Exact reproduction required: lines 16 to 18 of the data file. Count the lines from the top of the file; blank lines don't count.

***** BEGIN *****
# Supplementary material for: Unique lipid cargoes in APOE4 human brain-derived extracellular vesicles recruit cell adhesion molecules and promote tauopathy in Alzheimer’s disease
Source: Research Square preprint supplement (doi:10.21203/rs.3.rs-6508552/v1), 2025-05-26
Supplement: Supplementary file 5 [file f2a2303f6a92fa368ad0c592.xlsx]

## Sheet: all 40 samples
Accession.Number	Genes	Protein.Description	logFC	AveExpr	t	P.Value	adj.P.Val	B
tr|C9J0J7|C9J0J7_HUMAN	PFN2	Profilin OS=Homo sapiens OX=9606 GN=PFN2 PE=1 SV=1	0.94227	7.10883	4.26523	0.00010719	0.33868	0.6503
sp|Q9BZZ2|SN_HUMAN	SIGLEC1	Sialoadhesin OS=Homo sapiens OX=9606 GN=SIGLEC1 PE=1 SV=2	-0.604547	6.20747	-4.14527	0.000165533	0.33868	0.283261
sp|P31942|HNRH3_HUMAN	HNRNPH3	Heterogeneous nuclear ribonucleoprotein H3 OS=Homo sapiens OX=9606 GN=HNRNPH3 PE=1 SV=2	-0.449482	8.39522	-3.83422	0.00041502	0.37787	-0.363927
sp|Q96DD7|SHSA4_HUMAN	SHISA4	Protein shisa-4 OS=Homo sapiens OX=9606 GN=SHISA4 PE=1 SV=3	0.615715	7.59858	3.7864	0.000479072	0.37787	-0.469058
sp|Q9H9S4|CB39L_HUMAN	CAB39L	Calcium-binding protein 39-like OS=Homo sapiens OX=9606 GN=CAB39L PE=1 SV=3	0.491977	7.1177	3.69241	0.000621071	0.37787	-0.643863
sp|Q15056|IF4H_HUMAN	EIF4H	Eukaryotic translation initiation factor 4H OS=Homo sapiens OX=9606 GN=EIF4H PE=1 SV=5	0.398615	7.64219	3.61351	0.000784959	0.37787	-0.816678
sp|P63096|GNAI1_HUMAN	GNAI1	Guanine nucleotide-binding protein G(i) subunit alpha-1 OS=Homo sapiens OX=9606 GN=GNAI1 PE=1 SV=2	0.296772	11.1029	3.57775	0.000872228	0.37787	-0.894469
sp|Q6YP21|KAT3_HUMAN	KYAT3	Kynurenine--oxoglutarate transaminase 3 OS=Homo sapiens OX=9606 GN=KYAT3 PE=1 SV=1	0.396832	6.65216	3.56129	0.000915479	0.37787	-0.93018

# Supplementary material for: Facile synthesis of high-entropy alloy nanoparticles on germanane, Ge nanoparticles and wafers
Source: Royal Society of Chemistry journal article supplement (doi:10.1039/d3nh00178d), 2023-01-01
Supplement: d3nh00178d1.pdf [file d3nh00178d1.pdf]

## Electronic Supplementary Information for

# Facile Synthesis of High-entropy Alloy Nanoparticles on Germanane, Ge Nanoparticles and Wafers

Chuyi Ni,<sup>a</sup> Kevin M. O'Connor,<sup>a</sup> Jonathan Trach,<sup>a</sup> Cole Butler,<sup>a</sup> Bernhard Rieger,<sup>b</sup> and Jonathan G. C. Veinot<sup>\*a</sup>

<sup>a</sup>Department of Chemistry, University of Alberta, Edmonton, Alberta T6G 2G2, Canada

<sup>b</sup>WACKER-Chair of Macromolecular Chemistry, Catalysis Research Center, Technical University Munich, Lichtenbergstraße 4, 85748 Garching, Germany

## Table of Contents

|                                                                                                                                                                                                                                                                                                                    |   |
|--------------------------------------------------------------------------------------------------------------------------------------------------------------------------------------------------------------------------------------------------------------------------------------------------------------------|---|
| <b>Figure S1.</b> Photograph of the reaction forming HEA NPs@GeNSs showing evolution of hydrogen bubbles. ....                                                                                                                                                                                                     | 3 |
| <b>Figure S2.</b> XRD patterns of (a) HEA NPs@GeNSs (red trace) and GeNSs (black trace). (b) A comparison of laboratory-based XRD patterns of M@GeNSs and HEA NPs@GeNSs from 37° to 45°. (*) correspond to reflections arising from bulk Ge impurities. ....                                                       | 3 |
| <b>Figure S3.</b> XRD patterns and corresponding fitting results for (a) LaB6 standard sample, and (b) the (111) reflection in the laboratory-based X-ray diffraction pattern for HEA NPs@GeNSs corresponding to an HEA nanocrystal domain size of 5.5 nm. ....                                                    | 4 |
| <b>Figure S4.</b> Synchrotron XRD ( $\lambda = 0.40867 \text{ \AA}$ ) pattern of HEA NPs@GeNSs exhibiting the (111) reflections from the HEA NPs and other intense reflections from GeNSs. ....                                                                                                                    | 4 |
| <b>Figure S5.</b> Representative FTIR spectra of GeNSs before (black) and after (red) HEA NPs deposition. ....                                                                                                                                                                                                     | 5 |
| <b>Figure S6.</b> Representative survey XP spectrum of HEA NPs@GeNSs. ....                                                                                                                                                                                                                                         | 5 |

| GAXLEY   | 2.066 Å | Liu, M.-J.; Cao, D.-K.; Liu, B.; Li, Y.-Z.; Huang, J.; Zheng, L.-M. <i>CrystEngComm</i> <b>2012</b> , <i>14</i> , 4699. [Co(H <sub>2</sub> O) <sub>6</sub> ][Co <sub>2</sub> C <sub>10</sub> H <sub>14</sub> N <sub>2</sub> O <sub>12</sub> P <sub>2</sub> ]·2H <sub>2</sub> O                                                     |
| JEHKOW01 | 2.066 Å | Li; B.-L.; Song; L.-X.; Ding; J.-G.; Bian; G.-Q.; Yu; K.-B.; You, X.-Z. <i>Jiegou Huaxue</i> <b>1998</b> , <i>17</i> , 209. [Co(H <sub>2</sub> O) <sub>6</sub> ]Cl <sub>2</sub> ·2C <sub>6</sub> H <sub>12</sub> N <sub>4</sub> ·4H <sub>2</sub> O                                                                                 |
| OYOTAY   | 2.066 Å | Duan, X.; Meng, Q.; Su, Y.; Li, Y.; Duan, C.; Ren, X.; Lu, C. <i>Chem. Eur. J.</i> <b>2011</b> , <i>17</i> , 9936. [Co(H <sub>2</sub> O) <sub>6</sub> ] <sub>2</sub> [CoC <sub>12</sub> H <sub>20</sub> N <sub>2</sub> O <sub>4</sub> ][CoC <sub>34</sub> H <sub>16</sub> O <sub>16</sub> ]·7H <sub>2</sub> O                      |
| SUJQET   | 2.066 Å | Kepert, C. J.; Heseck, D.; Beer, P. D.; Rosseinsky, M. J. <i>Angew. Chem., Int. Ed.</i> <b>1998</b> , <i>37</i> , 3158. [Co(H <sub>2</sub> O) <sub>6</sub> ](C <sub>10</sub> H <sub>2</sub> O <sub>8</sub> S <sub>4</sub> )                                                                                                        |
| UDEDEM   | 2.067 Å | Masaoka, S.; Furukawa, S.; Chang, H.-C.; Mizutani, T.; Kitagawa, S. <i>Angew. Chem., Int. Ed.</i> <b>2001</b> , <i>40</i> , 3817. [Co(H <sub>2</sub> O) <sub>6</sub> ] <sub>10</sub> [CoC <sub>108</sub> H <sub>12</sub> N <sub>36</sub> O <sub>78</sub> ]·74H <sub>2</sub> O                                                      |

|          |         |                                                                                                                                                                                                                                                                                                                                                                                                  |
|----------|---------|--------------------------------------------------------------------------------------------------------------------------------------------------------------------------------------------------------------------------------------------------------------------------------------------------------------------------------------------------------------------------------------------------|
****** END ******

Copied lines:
Supplement: d3nh00178d1.pdf [file d3nh00178d1.pdf]

## Electronic Supplementary Information for

# Facile Synthesis of High-entropy Alloy Nanoparticles on Germanane, Ge Nanoparticles and Wafers